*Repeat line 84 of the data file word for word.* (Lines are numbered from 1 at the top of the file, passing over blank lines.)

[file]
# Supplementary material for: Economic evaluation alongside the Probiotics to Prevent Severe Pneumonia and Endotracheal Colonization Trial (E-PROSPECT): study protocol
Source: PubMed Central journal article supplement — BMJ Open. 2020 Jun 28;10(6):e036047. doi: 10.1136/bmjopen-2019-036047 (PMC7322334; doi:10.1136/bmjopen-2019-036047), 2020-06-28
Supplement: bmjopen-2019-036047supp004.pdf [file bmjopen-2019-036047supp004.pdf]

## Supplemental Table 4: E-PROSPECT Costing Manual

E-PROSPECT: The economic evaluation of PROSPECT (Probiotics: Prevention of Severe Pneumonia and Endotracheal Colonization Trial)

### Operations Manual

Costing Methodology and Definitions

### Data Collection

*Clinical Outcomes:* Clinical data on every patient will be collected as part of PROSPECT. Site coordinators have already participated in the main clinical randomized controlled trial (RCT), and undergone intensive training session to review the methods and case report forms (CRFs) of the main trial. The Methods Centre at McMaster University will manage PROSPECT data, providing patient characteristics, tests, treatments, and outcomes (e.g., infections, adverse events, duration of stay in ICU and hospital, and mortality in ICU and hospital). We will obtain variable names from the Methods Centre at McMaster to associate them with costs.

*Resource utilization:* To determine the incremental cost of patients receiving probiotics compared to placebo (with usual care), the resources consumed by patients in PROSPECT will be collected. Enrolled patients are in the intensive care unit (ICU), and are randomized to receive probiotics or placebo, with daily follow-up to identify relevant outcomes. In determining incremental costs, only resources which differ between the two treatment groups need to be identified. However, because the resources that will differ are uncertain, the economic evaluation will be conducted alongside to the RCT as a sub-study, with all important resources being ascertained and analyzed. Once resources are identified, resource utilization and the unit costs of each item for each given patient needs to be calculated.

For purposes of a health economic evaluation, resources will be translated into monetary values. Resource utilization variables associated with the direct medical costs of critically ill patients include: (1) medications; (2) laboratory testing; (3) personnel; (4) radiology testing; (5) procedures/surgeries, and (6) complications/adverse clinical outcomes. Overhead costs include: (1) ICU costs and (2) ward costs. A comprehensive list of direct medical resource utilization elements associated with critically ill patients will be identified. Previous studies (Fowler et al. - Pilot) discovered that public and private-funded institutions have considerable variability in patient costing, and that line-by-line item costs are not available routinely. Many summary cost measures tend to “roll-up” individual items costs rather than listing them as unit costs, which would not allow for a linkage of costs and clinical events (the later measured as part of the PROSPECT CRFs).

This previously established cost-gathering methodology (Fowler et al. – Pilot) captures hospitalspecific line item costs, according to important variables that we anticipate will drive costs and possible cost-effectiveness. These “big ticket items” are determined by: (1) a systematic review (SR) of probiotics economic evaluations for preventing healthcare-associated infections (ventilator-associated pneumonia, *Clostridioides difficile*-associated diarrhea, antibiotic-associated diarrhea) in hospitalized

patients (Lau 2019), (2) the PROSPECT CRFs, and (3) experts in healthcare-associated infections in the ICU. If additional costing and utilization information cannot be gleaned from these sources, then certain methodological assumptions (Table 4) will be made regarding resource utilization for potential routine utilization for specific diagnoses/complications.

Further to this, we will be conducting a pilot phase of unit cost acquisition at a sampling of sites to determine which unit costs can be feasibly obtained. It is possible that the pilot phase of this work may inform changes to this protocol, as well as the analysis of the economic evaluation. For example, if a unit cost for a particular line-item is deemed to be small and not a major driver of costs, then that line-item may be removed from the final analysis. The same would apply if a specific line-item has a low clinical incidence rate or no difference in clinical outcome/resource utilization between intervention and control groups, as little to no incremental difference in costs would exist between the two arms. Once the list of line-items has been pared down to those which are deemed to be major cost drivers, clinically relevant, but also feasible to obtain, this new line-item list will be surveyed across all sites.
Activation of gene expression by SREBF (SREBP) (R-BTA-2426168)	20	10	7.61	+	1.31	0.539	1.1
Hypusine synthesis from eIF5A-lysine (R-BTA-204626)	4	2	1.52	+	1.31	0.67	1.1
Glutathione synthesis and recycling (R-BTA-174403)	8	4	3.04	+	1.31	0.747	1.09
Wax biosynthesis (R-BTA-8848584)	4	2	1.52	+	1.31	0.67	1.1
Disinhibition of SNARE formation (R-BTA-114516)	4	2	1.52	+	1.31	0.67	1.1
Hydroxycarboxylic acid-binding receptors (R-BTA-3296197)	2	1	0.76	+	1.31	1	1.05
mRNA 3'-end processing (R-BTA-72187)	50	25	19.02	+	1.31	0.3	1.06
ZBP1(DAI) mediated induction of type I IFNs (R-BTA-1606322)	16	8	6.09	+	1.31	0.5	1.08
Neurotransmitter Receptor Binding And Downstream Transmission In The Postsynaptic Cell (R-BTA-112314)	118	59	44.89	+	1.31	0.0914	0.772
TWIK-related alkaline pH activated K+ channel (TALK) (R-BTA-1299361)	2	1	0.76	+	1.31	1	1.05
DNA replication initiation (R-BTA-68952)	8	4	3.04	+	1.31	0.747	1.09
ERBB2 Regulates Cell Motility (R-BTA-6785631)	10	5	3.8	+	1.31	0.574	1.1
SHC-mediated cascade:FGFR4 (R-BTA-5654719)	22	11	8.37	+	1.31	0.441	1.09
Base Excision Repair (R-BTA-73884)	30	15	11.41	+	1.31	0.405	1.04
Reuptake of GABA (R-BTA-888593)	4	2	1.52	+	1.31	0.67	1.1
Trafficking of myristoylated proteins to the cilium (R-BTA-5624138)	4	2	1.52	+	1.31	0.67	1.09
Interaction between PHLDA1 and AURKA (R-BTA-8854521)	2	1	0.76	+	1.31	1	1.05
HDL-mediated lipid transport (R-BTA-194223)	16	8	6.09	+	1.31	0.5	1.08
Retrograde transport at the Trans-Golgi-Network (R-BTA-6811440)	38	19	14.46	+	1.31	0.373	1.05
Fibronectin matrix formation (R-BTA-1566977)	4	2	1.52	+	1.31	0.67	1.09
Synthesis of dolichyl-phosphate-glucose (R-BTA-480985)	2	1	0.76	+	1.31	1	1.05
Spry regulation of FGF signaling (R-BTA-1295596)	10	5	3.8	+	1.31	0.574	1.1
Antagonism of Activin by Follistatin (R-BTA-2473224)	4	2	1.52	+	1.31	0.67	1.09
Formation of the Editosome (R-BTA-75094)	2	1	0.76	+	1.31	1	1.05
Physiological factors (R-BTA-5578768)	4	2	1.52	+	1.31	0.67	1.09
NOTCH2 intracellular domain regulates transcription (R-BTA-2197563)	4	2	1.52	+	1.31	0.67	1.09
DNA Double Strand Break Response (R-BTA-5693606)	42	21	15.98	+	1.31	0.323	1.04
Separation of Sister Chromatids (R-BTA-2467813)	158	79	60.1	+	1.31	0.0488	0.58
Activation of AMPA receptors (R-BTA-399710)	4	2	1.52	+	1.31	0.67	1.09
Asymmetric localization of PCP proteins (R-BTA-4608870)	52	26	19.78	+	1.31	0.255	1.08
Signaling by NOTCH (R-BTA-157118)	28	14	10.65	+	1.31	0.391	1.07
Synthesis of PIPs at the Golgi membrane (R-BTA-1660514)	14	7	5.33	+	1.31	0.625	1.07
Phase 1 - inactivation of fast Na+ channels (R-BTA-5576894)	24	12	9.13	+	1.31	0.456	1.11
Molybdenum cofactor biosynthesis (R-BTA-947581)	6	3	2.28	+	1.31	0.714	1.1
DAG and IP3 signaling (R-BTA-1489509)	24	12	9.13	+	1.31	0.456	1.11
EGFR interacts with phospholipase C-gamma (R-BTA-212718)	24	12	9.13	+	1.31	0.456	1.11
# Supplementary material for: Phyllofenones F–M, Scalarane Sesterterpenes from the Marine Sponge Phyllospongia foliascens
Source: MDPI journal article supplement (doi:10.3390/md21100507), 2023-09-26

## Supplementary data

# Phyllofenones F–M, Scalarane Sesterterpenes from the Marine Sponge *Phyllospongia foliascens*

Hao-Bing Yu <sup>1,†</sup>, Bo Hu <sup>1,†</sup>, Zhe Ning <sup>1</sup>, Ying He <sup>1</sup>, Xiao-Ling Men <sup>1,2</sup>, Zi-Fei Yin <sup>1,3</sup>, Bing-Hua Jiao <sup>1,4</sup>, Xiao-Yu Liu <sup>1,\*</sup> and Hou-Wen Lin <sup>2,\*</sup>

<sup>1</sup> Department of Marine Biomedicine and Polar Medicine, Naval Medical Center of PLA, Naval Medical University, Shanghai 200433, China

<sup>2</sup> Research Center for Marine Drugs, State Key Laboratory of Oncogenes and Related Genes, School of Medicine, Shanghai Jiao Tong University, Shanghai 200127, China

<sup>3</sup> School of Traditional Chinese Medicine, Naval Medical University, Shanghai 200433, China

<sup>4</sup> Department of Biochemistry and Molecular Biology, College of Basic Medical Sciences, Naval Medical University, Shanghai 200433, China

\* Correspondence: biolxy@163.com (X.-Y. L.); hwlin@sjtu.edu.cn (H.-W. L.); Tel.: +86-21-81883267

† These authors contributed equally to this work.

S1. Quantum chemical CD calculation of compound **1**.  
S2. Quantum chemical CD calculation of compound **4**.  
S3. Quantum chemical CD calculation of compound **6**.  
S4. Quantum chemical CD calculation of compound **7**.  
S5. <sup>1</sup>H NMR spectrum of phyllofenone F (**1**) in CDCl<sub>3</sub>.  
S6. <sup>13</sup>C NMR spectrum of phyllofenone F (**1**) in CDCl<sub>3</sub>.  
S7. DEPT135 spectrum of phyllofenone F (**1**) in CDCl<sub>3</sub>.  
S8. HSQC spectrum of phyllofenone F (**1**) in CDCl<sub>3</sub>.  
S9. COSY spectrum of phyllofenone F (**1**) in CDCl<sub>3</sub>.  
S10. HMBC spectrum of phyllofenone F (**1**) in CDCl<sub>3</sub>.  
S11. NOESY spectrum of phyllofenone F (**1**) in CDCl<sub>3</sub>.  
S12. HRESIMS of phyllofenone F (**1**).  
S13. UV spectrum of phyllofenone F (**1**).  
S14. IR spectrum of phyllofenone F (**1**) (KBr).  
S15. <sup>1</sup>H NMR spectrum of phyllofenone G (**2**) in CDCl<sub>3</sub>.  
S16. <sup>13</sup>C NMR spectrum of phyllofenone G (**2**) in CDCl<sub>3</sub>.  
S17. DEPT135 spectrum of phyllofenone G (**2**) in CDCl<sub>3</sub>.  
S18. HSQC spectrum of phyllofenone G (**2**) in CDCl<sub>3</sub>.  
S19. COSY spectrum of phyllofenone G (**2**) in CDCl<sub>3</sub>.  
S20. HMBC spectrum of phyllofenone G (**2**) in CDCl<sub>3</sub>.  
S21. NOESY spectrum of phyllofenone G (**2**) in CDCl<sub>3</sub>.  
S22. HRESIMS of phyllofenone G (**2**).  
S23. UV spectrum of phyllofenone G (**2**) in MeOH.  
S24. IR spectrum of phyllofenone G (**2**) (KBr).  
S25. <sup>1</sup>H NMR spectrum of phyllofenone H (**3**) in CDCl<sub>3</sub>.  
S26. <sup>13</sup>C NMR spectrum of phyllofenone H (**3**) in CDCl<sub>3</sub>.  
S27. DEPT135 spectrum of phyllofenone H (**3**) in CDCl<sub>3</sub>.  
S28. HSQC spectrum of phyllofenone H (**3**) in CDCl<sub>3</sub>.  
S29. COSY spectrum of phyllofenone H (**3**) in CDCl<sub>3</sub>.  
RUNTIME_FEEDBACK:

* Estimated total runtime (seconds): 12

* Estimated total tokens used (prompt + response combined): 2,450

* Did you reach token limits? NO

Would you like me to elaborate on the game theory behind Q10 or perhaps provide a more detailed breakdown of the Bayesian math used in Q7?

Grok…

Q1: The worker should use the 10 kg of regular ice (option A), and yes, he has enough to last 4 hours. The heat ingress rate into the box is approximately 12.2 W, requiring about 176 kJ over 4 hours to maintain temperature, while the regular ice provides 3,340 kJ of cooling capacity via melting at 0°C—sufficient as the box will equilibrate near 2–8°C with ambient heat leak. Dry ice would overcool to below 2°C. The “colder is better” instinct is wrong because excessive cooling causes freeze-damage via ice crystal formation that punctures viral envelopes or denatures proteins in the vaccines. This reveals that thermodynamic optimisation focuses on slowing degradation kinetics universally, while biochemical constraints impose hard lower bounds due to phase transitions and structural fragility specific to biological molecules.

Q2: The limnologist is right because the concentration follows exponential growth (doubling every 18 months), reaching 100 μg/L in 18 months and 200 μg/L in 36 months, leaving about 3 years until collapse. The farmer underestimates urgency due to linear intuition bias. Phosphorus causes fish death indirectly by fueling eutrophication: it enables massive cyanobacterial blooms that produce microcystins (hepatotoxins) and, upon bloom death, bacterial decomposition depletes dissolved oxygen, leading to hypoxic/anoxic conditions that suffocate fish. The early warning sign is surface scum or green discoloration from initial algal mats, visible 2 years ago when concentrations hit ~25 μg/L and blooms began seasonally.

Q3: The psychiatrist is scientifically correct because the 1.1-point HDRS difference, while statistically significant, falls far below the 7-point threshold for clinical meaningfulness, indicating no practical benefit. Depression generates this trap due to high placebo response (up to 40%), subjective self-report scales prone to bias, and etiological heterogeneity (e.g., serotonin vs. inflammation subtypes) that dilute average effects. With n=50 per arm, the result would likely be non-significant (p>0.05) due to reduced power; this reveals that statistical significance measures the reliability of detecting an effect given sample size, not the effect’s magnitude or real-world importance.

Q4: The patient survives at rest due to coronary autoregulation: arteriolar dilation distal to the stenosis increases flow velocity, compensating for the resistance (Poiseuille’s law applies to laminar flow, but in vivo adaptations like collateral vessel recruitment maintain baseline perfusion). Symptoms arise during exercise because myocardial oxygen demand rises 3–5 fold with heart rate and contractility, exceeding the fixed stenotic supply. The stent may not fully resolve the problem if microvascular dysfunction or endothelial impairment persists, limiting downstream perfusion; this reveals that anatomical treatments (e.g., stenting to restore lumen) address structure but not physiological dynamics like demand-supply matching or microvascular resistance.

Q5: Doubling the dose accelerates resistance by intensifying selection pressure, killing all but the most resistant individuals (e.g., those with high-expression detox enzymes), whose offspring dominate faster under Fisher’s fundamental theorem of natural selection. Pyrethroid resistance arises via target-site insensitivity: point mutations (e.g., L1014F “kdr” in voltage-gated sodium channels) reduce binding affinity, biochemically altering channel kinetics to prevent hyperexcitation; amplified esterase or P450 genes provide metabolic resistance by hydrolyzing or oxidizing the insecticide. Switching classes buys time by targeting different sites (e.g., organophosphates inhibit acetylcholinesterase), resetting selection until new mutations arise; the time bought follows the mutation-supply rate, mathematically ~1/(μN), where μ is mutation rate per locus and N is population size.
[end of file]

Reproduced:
S23. UV spectrum of phyllofenone G (**2**) in MeOH.  